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As was leaked earlier today, so it would be:
- MOODY'S CUTS 16 SPANISH BANKS AND SANTANDER UK PLC
- MOODY'S CUTS 1 TO 3 LEVELS L-T RATINGS OF 16 SPANISH BANKS
- MOODY'S DOWNGRADES SPANISH BANKS; RATINGS CARRY NEGATIVE
In summary, the highest Moodys rating for any Spanish bank as of this point is A3. But luckily the other "rumor" of a bank run at Bankia was completely untrue, at least according to Spanish economic ministry officials, so there is no need to worry: it is all under control. The Banko de Espana said so.
The only good news spin this morning was that the Greek, pardon Spanish contagion, has not reached Italy, after the boot-shaped country sold €5.25 in bonds this morning at rates that did not indicate a meltdown just yet. It sold its three-year benchmark at an average 3.91 percent yield, the highest since January but below market levels of around 4 percent at the time of the auction. It also sold three lines due in 2020, 2022 and 2025 which it has stopped issuing on a regular basis. And this was the good news. The bad news was the not only has the Spanish contagion reached, well, Spain, but that everything else is now coming unglued, as confirmed first and foremost by the US 10 Year which just hit a new 2012 low of 1.777%. Spain also is getting hammered with CDS hitting a record wide of 526 bps overnight, and its 10 Year hitting 6.26% after the country sold 364 and 518-Day Bills at rates much higher rates than on April 17 (2.985% vs 2.623%, and 3.302% vs 3.11%). But the highlight of the day was the Banco de Espana release of the Spanish bank borrowings from the ECB, which to nobody's surprise soared by €36 billion in one month to €263.5 billion, more than doubling in 2012 from the €119 billion at December 31.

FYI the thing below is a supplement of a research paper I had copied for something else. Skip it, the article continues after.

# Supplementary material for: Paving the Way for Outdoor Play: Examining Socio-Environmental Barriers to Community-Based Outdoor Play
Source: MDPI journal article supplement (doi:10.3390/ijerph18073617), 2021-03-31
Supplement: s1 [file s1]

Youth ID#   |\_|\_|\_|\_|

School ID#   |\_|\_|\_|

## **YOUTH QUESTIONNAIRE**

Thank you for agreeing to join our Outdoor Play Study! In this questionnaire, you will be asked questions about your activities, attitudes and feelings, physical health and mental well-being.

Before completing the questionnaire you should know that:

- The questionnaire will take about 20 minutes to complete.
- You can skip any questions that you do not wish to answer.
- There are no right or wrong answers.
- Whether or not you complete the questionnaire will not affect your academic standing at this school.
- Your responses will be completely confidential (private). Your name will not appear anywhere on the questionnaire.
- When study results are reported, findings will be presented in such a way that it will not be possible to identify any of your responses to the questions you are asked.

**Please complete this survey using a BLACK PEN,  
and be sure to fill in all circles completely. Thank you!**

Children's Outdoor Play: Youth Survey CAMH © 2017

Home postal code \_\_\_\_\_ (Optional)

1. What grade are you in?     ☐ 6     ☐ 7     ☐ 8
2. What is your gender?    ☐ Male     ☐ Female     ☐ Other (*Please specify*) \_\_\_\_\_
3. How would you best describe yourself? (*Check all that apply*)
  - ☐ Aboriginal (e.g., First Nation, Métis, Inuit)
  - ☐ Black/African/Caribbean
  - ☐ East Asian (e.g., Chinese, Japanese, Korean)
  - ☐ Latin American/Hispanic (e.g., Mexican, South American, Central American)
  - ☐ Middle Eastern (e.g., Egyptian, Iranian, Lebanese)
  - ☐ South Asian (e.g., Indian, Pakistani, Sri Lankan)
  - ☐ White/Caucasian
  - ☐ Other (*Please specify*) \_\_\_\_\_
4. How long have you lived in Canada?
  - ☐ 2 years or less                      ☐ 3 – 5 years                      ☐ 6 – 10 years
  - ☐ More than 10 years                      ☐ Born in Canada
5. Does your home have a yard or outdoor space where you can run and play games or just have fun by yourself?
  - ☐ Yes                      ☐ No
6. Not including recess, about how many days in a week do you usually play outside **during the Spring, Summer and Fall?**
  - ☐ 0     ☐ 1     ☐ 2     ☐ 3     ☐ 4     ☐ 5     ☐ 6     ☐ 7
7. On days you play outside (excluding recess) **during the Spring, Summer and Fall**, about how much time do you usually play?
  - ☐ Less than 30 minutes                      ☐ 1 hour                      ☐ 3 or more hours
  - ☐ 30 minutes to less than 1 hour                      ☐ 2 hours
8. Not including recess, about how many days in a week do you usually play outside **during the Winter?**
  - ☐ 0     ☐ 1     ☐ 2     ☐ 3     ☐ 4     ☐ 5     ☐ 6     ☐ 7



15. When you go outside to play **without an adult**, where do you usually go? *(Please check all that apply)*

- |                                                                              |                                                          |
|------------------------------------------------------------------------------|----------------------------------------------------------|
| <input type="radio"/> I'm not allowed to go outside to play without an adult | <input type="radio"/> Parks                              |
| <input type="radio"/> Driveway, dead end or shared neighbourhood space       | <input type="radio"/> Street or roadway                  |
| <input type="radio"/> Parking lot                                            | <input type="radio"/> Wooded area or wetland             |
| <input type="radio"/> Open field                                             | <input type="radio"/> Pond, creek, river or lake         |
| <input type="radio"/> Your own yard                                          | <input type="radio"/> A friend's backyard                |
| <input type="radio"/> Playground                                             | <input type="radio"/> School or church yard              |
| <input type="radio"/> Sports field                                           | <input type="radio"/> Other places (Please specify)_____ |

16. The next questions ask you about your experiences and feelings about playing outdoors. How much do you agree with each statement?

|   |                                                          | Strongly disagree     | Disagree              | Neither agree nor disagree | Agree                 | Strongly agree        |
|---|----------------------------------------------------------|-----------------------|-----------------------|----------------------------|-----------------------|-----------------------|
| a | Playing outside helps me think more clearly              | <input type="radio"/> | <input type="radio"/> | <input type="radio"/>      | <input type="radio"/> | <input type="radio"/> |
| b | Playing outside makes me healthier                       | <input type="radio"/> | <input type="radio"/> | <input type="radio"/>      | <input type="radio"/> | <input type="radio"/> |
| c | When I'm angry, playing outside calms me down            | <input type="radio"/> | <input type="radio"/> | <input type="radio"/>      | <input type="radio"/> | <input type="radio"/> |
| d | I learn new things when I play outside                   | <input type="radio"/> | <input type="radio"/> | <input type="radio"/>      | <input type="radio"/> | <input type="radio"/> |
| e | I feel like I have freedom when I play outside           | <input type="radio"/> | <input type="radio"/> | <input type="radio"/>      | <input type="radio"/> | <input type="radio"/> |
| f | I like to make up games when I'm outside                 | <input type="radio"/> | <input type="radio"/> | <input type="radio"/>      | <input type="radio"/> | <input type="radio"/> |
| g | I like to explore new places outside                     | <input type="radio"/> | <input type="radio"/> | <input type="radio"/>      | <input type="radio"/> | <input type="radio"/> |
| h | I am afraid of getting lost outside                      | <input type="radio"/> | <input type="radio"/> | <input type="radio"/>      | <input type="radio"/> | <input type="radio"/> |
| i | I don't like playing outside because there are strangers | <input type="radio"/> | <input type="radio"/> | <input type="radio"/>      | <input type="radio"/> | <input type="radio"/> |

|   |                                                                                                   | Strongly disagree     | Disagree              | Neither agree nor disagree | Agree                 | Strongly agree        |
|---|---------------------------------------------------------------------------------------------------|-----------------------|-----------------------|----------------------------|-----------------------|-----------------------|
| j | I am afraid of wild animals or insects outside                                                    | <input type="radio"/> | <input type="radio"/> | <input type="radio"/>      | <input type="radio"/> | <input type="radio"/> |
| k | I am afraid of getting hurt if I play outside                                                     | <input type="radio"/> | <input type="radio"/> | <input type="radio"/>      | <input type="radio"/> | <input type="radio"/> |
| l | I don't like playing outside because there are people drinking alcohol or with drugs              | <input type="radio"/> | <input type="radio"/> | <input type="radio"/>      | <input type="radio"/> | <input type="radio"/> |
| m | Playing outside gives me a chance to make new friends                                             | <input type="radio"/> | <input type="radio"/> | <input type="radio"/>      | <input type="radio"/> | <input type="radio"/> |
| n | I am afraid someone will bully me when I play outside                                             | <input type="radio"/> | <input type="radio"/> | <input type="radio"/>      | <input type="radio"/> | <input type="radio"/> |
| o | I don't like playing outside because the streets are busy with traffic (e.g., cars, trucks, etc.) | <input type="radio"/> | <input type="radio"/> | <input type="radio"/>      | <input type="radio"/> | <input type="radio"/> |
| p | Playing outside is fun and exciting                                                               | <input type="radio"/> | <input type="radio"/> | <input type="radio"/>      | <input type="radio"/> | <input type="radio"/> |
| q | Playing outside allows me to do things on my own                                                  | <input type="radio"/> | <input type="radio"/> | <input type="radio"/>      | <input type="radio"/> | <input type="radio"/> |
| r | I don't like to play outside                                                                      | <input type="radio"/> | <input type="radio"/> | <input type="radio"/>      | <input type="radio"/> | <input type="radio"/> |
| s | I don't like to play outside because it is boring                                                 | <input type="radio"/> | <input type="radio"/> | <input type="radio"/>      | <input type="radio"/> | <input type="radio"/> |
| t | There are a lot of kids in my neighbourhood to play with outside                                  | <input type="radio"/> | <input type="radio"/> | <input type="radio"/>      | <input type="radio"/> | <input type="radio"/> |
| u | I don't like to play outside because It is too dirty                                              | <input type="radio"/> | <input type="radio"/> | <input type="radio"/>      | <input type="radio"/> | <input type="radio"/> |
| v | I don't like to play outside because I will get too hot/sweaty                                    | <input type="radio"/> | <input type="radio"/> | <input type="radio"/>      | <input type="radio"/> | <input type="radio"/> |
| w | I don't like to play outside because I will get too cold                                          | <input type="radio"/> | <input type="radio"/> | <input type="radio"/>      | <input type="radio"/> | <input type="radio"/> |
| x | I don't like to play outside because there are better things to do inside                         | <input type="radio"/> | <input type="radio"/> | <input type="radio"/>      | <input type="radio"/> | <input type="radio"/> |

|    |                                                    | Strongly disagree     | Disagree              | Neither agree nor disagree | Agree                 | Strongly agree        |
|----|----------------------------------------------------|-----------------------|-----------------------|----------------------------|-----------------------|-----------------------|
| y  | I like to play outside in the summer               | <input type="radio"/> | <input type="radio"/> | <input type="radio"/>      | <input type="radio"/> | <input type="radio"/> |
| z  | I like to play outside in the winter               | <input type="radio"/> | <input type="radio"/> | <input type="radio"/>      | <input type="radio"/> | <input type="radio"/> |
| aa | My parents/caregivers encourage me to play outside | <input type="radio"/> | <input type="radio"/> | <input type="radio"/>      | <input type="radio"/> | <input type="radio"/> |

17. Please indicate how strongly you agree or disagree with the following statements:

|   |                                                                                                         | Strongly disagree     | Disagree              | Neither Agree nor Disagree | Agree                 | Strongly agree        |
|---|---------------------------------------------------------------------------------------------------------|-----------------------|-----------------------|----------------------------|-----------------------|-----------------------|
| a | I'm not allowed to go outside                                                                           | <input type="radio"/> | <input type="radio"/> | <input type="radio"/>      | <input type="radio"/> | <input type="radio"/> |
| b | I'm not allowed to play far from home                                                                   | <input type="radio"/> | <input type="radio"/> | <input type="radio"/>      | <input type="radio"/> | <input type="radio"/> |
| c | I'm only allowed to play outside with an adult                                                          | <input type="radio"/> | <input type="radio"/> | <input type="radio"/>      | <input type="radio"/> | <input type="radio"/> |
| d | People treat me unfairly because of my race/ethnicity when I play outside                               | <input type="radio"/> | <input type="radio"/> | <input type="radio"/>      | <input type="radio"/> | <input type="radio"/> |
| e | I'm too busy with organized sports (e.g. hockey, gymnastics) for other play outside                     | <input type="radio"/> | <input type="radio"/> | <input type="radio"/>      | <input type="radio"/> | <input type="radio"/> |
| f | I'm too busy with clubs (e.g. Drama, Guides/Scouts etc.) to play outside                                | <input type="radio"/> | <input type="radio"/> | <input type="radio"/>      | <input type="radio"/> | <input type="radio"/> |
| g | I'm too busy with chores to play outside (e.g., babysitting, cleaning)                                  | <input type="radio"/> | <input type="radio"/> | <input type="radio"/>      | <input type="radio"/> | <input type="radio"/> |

And how can it not be? As Banco de Espana just released earlier today, Spanish banks have borrowed a record €152 billion in February, a €19 billion increase from January. At least we now know what the capital shortfall was in Spain since pre-LTRO days, when total borrowings were €98 billion: "LTRO is for carry trade purposes"... right. So thank you European tax payers, and the 'bad bank' hedge fund formerly known as the ECB - you just bought Spain a few more months, however with your actions you guaranteed that nobody will change any part of their destructive behavior, and merely enable even more solvency crises in the future, which will be band-aided with even more trillions in free money, and so on, until the global central banks need to show their expansion not on a weekly but millisecond basis. And oh yes, this explains why Blackrock is tripping over itself this morning recommending Spanish bonds, which "may offer opportunities for long-term investors" - perhaps the same profit opportunity that the ECB had on its Greek bond holdings purchased at 80 cents of par and collapsed at about 20.
Spain is next...